The 1970s was a decade of musical diversity and innovation, characterized by the emergence of various genres and subcultures that shaped the popular music landscape. From the rise of disco and funk to the birth of punk and the advent of progressive rock, the 1970s showcased a remarkable range of styles. Here’s a synopsis of the popular music scene during this transformative decade:
The 1970s began with the continued influence of the rock and roll movement from the previous decade. However, it quickly evolved into new directions. One notable trend was the rise of glam rock, with artists like David Bowie, T. Rex, and Roxy Music challenging gender norms and embracing theatricality. Glam rock brought a sense of flamboyance and extravagance to the forefront, captivating audiences with its catchy melodies and outrageous fashion.
Another significant development was the advent of progressive rock, characterized by its intricate compositions, virtuosic musicianship, and concept albums. Bands like Pink Floyd, Yes, Genesis, and Emerson, Lake & Palmer pushed the boundaries of rock music, incorporating elements of classical, jazz, and experimental sounds. Progressive rock showcased extended song structures, intricate instrumentation, and thought-provoking lyrics, appealing to a musically adventurous audience.
In the mid-1970s, disco exploded onto the scene, becoming a cultural phenomenon. Popularized by artists such as Donna Summer, Bee Gees, and Chic, disco brought infectious rhythms, pulsating beats, and a glamorous dance culture to the mainstream. Discothèques became the hub of nightlife, and dance floors were filled with people grooving to the infectious melodies and catchy hooks of disco music.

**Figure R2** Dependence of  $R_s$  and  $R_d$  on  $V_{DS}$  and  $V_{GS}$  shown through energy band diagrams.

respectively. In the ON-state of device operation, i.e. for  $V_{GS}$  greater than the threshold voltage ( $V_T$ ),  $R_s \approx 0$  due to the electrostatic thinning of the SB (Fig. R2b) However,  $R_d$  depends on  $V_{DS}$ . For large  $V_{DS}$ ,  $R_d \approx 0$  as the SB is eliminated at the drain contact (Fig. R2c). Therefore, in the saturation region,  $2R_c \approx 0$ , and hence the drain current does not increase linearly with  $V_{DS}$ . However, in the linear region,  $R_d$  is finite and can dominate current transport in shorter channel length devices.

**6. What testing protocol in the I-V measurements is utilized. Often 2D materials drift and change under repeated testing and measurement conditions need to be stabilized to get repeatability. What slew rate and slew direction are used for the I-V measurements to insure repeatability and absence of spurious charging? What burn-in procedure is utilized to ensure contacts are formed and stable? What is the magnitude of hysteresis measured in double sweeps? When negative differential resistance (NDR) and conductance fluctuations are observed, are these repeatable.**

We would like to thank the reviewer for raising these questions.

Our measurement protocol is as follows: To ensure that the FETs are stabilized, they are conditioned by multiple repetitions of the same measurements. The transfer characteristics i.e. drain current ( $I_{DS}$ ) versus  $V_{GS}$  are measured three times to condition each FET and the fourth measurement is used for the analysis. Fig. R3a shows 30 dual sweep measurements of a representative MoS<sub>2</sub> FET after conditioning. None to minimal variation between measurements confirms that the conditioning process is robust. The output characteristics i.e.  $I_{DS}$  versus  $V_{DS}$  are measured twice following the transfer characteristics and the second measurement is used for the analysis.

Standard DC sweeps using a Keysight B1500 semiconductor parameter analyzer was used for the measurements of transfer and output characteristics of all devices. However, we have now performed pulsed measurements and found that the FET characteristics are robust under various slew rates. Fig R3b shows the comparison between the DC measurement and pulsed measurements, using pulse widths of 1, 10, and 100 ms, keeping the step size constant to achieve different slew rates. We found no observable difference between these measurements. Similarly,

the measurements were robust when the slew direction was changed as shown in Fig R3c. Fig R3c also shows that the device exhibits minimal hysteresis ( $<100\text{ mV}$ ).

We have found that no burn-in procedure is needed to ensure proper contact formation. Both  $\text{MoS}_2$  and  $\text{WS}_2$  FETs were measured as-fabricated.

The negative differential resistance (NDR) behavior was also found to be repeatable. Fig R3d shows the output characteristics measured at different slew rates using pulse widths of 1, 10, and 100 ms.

Concurrently, funk music gained prominence, driven by influential artists such as James Brown, Sly and the Family Stone, and Parliament-Funkadelic. Funk blended elements of R&B, soul, and jazz, emphasizing a tight rhythm section, syncopated grooves, and expressive vocals. Funk music provided a platform for social commentary, with its lyrics addressing issues of racial equality and political unrest.
In contrast to the polished sounds of disco and funk, the late 1970s saw the birth of punk rock, a raw and rebellious genre characterized by its aggressive energy and DIY ethos. Bands like the Sex Pistols, The Clash, Ramones, and The Buzzcocks challenged the establishment, using fast, loud, and stripped-down music as a means of self-expression and social critique. Punk rock brought an anarchic spirit to the forefront, resonating with disaffected youth and sparking a subculture that would have a lasting impact.
Simultaneously, singer-songwriters continued to thrive, with artists like Joni Mitchell, Carole King, James Taylor, and Cat Stevens capturing audiences with their introspective lyrics, heartfelt melodies, and intimate performances. Their music reflected personal experiences and emotions, connecting with listeners on an individual level.
In summary, the 1970s were a decade of musical evolution and experimentation. Glam rock, progressive rock, disco, funk, punk rock, and singer-songwriters all made significant contributions to the popular music scene. The diversity of genres and subcultures showcased the creative spirit and cultural shifts of the era, leaving an enduring legacy that continues to influence and inspire musicians today.